By Mark White, home affairs correspondent
Social media platforms are increasingly being used as a market place for illicit drugs, according to the first definitive study of the practice.
The report, commissioned by the advocacy group Volteface and seen exclusively by Sky News, found that one in four young people had seen illegal drugs advertised by dealers on social media.
The report’s authors believe the number of youngsters who have seen these adverts is even higher than when the study was carried out in January.
Volteface commissioned Survation to conduct a nationally representative poll of 2,006 16 to 24-year-olds, who reported seeing most adverts for illicit substances on Facebook, Instagram and Snapchat.
Of those who reported seeing drugs for sale on social media, 56% saw them being advertised on Snapchat, 55% on Instagram and 47% on Facebook.
According to the survey, the drug most commonly being pushed by dealers on social media was cannabis, with 63% of respondents seeing it advertised.
Cocaine was the second drug most commonly seen advertised, 26% of youngsters saw it, followed by 24% who saw MDMA/ecstasy advertised.
Sky News spoke to four 17-year-olds, who help spread the message to other youngsters about the potential dangers of drug use.
All said they had seen drugs advertised on their social media platforms.
Indy Sungoo said: “We see things like cannabis and soft drugs, really every type of drug is now being advertised on social media.
“Before it was a case for youngsters of whether they should really risk it, going on to the street to buy drugs. But now because it’s on their feed and on their timeline, many are thinking ‘why not?'”
Mariam Mighdiseli told us she had seen numerous ads selling drugs.
“It’s mainly the most used platforms where I’ve seen these drugs advertised,” she said.
“Sites like Instagram and Snapchat because you can get thousands of followers on these apps and dealers can forward their ads to a mass audience of young people.
“It’s so easy. People joke around about being friends with their drug dealer, because the dynamic between the buyer and the dealer has changed. It’s no longer this scary concept of this hooded person on the street.”
The Volteface study found that almost half of under-18s questioned were unconcerned by the appearance of illegal drug adverts on their social media sites.
Lizzie McCulloch from Volteface said the relatively recent phenomenon of drug dealers selling their product through social media had almost become normalised.
“The fact that we’ve only recently heard about it and now one in four young people are reporting seeing drugs advertised for sale, that’s absolutely staggering and actually, we suspect the number is far higher because these ads are popping up much more frequently,” she said.
“It’s hard to find youngsters who are not seeing these adverts and what we found surprising is how unconcerned young people are by them. For them, it’s a normal part of day to day life.”
Former drug dealer Niko Vorobyou, who was jailed for selling drugs and now writes about the trade in drugs, said that although dealers online might appear benign, there are still dangers in buying illegal substances over the net.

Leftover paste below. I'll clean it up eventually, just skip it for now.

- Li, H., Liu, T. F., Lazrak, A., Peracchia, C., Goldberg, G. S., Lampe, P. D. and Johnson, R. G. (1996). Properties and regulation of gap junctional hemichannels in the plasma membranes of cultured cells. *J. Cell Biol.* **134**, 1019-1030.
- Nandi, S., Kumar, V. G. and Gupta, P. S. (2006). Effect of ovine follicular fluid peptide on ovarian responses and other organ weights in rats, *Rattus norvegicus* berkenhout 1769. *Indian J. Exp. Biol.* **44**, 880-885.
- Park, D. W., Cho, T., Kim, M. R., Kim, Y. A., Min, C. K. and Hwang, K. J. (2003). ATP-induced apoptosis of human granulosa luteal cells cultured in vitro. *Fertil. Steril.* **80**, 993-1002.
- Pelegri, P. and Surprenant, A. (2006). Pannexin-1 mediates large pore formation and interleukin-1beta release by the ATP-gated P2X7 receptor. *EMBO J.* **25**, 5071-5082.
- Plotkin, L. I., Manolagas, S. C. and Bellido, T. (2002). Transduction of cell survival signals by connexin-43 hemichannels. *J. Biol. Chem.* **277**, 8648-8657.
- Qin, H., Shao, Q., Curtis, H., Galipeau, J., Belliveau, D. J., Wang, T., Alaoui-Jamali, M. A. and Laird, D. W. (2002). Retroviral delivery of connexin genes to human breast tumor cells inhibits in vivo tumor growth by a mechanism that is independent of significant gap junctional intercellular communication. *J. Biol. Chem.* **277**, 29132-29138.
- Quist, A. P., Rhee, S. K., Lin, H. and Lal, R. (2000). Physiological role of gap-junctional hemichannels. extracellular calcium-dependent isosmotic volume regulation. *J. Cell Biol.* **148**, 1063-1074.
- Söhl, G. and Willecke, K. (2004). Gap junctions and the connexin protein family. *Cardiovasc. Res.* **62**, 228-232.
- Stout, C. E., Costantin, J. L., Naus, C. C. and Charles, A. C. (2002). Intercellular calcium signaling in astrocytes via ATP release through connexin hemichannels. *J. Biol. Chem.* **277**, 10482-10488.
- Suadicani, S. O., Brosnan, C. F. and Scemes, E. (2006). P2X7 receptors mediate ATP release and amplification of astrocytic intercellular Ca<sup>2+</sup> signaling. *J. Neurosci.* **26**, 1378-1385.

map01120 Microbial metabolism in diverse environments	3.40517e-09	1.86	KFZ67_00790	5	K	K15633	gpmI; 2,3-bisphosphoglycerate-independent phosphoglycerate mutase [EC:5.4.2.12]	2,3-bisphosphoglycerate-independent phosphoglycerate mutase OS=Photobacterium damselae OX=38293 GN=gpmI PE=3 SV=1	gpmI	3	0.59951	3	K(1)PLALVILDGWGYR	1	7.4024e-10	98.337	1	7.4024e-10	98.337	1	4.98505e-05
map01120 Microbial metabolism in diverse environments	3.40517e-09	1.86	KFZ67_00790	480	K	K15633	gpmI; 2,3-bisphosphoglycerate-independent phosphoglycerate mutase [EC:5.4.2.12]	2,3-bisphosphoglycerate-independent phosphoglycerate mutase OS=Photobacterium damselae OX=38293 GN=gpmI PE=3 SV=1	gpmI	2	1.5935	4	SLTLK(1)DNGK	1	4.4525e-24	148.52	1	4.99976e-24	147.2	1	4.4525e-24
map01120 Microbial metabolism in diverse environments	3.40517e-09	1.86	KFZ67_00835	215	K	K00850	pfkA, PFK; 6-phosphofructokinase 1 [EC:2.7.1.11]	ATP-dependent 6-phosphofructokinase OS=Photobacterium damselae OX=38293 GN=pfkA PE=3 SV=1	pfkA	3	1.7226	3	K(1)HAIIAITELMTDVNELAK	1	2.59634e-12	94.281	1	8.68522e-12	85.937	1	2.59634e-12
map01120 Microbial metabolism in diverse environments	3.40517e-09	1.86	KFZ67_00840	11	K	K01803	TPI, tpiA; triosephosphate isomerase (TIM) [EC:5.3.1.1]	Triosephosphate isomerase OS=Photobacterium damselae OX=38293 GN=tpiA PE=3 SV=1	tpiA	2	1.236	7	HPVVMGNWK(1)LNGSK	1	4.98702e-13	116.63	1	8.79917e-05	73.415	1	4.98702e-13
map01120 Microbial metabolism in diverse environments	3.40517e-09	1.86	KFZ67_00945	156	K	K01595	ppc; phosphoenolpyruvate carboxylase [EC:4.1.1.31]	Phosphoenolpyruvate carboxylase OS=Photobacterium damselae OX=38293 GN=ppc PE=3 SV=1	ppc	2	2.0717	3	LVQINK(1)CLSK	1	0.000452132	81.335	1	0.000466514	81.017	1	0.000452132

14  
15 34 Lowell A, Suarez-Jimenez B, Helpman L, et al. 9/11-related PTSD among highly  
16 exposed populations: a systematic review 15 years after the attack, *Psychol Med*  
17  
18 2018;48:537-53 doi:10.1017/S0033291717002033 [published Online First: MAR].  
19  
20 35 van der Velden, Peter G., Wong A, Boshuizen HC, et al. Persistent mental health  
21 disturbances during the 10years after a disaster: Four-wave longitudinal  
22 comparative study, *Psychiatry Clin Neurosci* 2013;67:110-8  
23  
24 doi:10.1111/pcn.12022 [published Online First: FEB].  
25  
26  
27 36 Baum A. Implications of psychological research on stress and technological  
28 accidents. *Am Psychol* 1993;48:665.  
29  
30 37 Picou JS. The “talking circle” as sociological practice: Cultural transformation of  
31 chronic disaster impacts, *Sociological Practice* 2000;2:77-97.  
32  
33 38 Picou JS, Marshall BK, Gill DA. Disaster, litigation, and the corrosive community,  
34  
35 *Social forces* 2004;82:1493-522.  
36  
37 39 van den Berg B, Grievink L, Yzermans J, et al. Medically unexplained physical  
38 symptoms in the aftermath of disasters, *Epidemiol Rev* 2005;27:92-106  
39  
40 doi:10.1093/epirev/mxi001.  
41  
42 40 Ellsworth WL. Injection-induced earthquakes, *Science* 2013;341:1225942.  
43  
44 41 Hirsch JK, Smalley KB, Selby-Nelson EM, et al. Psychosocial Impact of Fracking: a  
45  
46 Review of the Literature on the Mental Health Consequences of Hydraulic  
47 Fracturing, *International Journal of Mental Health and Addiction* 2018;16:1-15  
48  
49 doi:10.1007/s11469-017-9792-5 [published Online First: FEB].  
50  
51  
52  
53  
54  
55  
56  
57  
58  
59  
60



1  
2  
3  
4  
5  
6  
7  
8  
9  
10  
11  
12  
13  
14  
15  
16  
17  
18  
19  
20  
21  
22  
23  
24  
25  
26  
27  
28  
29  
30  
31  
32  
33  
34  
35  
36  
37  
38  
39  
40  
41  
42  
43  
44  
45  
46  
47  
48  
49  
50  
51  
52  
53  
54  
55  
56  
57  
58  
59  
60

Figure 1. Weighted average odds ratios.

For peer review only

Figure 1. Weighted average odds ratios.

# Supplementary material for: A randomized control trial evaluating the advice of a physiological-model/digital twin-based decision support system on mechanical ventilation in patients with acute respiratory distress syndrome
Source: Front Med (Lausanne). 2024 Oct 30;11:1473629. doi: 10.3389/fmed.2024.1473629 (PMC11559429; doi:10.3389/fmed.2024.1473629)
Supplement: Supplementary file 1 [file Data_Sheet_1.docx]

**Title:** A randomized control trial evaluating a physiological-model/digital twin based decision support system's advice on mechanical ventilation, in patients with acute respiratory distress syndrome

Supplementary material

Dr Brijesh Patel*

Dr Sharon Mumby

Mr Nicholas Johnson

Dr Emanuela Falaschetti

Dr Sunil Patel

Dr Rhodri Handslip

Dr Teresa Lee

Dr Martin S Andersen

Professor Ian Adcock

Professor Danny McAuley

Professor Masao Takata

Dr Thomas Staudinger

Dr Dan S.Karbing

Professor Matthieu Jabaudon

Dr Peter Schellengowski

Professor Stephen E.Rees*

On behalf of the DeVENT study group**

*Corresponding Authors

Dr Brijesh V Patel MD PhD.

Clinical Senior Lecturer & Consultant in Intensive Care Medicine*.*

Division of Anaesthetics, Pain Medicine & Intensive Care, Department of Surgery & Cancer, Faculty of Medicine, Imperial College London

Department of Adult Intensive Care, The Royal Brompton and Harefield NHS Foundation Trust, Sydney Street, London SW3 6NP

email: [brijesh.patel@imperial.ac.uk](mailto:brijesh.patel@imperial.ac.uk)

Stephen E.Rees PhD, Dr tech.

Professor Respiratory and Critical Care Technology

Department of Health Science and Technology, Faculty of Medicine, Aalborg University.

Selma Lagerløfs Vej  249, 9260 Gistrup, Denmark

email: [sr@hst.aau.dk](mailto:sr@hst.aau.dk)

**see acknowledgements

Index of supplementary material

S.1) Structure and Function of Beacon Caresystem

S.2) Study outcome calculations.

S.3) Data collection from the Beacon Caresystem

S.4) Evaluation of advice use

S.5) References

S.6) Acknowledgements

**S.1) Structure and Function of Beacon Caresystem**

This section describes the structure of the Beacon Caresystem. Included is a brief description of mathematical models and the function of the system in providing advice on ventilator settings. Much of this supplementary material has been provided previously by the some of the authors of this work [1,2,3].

“You’re probably still meeting some dodgy guy at the end of the day. You don’t know what you’re buying, it could be a scam for all you know. I’d say, just because it’s on social media, it doesn’t mean it’s necessarily safer.”
Amelia Byers, 17, said: “For the older generation, I don’t think they realise that times have changed. They probably don’t see dealing as much on street corners. But they might not see it online either, because they don’t know the key word to search for drugs for sale.”
Fellow teenager Oliver Unasing added: “I don’t think social media’s going away anytime soon. So the quicker we stop focusing on preventing young people using these platforms, we can begin educating them properly on how to avoid certain things on these platforms and how to handle messages dealers might send.”
Mr Vorobyov said using social media “takes the risk out of the game for dealers a little bit because there isn’t so much person to person interaction”.
He added: “All potential buyers have to do is search for the right hashtags on Instagram and it will come up with a lot of results.
“Even if Instagram block the hashtag, there’s so many different slang terms, so you just have to put in what the word of the moment is then ‘Bob’s your uncle’.”
Instagram, Facebook and Snapchat all told Sky News they do not tolerate the sale of illegal drugs on their platforms.
Instagram and Facebook said: “We don’t allow the sale or purchase of illegal drugs on Facebook and Instagram. We work closely with the police to keep drugs content off our platforms. We invest heavily in new technology to identify the code words and images someone may use when attempting to sell drugs.”
A Snapchat spokeswoman said: “Snap is deeply committed to the safety of our community and our terms of service and our community guidelines prohibit anyone from using Snapchat to buy or sell drugs. As Voteface notes in its report, it was not possible to identify illicit accounts on Snapchat, but only via other public platforms.
“The design of Snapchat encourages users to interact with their real friends and not strangers. We encourage anyone who sees illegal content to report it.”